The following reads are highly recommended. Many are non-dual in nature, but not all. Each was significant to me on my journey.
Thoughts, comments, additions, even subtractions accompanied by gasps of disapproval — all are welcome and can be voiced in the comments below.
The Cloud of Unknowing & The Book of Privy Counseling | William Johnston (translator). Written in the 14th century by an anonymous English monk, and likely the first Western primer on meditation from the Christian perspective.
Mere Christianity | C.S. Lewis. This classic and eminently readable text is a good point of entry into the discussion for the agnostic or atheist from the Christian perspective. It’s not non-duality, but it’s on the list anyhow. So there.
Scripture and the Life of God | David F. Watston. The author is a personal friend of mine whose influence on my thinking has been significant. The book contends that learning to converse with scripture leads one into the very heart of God.
The Power of Now | Eckhart Tolle. Oprah’s favorite spiritual guru is well-worth reading if you can put aside the Oprah, and the fact that the second chapter shouldn’t come so quickly. The bit on the Inner Body, however, is essential, as well as the overall notion of thought being a thing which enslaves us.
Wake Up Now | Stephan Bodian. An easy read for those who are frustrated on the path, or wish to understand it better.
The Leap | Steve Taylor. An interesting exploration of the psychology of spiritual awakening.
There Is Neither I… | A. Ramana. Small-press/self-published, but wow. One of the most comprehensive books on non-duality from the standpoint of experience and Self-Abidance. The writing is a bit tedious at times with 3 or 4 prepositional phrases being used when one will do, but hey. The Dude abides.
Buddhism & Christianity in the Light of Hinduism | Arthur Osborne. Suggests that Buddhism and Christianity complement each other as proselytizing religions founded for their respective audiences (Eastern & Western) by divine individuals. And featuring a thorough introduction to Advaita, to boot.
Intuition | Osho. Most of the value of this book lies in its first half, but what value that is, is…well, invaluable. Click here for a summary of the content if you want a summary, but don’t cheat yourself. Just know the book is not a “book” book, but rather an edited transcription compiled from Osho’s talks. Read more.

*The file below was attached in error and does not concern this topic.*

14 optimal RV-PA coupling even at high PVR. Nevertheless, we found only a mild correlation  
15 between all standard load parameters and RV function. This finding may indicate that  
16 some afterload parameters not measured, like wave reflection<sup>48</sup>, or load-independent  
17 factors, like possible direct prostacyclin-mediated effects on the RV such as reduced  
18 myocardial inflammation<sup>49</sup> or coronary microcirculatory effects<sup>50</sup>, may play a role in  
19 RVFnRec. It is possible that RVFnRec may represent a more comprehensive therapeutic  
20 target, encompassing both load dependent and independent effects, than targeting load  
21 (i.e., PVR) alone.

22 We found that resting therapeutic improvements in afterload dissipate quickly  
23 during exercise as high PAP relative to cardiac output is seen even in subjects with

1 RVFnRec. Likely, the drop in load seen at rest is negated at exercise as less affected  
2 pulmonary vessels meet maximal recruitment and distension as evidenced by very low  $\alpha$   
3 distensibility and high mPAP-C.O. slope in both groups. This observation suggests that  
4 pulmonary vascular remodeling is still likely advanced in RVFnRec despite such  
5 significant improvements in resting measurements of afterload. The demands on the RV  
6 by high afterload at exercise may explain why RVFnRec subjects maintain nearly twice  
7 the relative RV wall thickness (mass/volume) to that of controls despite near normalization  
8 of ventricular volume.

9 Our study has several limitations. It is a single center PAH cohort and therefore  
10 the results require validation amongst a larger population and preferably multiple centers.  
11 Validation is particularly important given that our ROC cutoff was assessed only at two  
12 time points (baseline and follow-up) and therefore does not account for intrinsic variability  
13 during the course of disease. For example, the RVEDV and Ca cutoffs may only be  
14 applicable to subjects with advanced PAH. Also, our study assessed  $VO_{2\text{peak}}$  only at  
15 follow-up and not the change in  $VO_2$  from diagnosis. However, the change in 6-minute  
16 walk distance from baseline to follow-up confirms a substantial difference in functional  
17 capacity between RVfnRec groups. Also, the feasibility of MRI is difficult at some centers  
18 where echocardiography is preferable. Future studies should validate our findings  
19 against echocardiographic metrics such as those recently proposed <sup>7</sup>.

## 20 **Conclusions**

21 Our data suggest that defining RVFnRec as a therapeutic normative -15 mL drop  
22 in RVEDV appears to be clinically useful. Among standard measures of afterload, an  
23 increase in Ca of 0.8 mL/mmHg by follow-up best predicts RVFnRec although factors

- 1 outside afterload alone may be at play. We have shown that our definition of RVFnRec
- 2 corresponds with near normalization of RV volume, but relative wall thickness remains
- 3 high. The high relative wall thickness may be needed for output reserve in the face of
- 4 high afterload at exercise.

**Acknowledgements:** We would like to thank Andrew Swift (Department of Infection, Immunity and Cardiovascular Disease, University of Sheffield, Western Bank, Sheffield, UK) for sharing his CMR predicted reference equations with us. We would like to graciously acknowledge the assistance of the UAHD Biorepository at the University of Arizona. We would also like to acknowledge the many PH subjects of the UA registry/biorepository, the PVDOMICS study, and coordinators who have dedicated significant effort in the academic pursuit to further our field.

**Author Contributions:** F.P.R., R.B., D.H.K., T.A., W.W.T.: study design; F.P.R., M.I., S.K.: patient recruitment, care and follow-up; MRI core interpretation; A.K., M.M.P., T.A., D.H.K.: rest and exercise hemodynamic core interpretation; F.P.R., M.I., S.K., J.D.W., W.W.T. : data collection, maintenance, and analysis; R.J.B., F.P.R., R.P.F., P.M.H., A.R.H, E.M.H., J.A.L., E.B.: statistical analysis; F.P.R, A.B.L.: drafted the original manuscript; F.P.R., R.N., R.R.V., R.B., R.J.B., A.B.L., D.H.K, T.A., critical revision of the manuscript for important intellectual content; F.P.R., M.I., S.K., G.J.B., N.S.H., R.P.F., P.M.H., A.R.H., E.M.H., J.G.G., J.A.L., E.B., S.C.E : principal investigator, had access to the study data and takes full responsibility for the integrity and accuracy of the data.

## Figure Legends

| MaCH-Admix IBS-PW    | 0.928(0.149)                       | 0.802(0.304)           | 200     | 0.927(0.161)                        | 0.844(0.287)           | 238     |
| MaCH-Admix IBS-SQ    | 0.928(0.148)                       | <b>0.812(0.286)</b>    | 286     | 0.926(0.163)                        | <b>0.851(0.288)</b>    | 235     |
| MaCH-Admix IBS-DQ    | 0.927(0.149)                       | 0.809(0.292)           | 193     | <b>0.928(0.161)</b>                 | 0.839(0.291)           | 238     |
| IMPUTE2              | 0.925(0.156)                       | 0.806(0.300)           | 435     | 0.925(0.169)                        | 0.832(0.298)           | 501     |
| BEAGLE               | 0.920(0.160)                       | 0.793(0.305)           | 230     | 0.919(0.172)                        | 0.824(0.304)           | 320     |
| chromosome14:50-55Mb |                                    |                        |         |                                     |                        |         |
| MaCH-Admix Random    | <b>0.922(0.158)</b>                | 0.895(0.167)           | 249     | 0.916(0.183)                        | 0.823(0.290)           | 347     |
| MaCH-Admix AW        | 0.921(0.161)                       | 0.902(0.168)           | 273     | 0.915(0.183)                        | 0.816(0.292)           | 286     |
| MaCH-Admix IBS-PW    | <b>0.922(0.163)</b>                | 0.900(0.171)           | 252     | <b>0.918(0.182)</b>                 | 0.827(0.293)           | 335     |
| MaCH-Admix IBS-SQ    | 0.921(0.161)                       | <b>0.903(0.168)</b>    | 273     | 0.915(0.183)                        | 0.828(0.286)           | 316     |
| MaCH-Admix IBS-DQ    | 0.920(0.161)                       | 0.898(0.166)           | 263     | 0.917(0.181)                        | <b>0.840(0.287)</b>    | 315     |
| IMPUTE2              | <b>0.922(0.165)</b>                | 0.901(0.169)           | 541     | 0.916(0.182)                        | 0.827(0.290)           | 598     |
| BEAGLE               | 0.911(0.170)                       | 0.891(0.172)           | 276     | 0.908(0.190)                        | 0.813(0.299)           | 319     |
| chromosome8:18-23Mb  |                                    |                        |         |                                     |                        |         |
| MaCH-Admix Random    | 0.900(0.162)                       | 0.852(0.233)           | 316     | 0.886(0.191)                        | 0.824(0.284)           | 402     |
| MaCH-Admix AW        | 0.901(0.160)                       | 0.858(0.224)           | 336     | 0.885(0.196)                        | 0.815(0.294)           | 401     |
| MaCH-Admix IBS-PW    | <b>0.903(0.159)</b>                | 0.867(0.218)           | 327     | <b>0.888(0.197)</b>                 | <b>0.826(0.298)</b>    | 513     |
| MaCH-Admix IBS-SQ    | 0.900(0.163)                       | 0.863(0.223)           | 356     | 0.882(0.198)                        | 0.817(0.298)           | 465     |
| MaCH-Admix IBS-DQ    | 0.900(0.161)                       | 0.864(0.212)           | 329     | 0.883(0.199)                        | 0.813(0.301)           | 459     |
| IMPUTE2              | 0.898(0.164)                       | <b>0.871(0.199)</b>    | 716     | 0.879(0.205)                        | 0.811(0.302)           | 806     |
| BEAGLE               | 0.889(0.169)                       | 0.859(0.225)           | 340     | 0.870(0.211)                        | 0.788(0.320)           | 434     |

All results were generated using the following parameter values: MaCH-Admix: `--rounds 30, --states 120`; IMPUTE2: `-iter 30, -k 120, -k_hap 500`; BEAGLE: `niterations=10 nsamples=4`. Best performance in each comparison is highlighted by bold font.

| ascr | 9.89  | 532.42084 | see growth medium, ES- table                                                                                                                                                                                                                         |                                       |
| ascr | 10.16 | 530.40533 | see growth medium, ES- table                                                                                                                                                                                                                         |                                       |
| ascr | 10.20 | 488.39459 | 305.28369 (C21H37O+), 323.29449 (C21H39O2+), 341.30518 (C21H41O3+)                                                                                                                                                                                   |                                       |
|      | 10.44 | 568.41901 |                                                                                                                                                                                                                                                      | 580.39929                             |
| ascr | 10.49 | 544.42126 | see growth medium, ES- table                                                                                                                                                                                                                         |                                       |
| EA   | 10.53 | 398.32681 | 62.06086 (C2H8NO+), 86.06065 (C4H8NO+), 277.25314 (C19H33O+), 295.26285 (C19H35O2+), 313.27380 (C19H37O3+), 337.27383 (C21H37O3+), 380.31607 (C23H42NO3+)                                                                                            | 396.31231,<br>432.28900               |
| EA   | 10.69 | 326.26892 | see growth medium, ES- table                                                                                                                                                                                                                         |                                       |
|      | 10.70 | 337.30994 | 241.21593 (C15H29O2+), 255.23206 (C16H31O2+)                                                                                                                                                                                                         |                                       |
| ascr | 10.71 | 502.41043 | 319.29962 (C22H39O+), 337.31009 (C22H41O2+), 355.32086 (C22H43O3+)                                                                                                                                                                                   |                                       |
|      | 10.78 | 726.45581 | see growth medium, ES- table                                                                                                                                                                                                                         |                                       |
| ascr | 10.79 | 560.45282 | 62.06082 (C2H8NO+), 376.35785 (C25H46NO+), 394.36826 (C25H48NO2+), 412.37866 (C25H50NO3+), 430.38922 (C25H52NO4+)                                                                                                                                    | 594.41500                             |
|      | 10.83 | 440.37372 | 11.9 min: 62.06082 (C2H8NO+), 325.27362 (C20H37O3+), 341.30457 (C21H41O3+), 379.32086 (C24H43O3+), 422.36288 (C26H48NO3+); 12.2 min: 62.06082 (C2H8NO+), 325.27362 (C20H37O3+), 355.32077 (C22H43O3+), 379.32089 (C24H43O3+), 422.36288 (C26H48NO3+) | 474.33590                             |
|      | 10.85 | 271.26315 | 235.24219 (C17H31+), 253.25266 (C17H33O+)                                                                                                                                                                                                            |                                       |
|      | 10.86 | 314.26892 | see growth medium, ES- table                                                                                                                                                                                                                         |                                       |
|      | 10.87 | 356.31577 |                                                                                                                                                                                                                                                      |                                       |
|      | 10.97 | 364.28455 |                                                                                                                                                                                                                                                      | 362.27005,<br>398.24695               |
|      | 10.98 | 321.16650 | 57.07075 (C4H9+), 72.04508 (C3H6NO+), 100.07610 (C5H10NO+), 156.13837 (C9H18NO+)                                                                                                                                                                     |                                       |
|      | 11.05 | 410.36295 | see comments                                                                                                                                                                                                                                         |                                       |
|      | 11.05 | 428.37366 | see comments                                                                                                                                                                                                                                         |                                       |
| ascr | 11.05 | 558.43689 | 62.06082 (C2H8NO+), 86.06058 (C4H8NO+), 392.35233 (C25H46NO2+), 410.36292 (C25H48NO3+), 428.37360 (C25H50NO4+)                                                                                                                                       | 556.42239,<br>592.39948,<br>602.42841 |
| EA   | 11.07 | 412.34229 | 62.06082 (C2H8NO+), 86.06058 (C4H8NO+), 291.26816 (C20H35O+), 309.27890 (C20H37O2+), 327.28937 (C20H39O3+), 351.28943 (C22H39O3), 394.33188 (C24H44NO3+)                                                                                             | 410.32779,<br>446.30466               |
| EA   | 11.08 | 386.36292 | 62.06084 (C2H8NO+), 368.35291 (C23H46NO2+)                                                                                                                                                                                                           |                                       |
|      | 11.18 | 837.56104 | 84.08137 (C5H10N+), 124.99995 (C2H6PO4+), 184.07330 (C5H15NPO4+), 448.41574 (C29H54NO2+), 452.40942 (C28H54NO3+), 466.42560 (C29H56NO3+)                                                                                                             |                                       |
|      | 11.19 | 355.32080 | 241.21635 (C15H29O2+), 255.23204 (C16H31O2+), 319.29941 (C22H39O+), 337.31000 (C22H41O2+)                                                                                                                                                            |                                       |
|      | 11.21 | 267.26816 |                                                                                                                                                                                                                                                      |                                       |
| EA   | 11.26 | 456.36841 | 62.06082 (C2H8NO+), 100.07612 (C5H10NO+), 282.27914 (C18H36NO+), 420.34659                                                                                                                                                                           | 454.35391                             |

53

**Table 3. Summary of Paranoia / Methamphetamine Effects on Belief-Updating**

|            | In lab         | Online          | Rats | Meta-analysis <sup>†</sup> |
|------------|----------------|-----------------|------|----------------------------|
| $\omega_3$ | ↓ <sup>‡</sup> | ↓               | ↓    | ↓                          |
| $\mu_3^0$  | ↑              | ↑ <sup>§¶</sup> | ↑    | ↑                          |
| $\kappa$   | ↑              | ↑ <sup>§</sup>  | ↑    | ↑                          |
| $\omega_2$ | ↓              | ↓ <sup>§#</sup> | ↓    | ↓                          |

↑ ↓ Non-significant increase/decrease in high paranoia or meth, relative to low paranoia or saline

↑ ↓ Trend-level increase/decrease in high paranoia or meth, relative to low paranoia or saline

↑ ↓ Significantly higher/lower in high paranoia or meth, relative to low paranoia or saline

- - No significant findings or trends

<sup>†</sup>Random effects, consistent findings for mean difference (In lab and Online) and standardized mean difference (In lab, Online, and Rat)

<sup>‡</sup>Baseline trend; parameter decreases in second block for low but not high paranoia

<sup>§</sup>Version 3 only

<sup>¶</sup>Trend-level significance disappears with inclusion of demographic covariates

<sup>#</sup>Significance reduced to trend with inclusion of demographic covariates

Classics of Indian Spirituality | Eknath Easwaran. Includes The Upanishads, The Bhagavad Gita, and The Dhammapada. The translation and their accompanying commentary are beautifully and profoundly written.
Be As You Are | David Godman. Considered by many to be the quintessential compendium of Ramana Maharshi’s teachings, compiled by arguably the foremost expert on Indian saints and sages of the 20th century (and whose name is apropos).
I Am That: Talks with Sri Nisargadatta Maharaj | Maurice Frydman (translator). A series of conversations with the unassuming shop-keeper, cigarette-smoker, and grouchy, enlightened master.
Who Am I? | Ramana Maharishi. These could be the most significant sentences you will ever read. You’ll be done in ten minutes, but will likely need many more to realize them.
The Spiritual Teaching of Ramana Maharshi | Ramana Maharishi. A collection of dialogues with the Sage of Arunachala, who spontaneously re-discovered the ancient tradition of self-inquiry at the age of sixteen, then wore nothing but a loin-cloth for the next 54 years. Features a forward by Carl Jung.
Siddhartha | Herman Hesse. This fictional classic tells the story of a Buddha-like ascetic whose name is the same as the real Buddha’s and who meets the real Buddha then leaves him to become even more Buddha-like. A head-scratching plot-line, but the tale and its telling leave you transfixed by its mystical beauty.
Mindfulness in Plain English | Bhante Gunaratana. A detailed introduction to meditation. A great place to start for beginners so long as it’s understood that this is not the be all end all of meditation techniques but an entry point (and a good one) from within the Vipassana tradition.
Zen Mind, Beginner’s Mind | Shunryu Suzuki. Thoughtful teachings and insight on meditation and non-dual understanding in the tradition of Zen Buddhism.
Why Buddhism is True | Robert Wright. Don’t let the the title mislead you. This is not an apologetic work. The author simply discusses precepts of current Western psychology and draws parallels to Buddhist teachings and practices, supplemented by his personal experience. An easy read, and the audiobook version is especially listenable.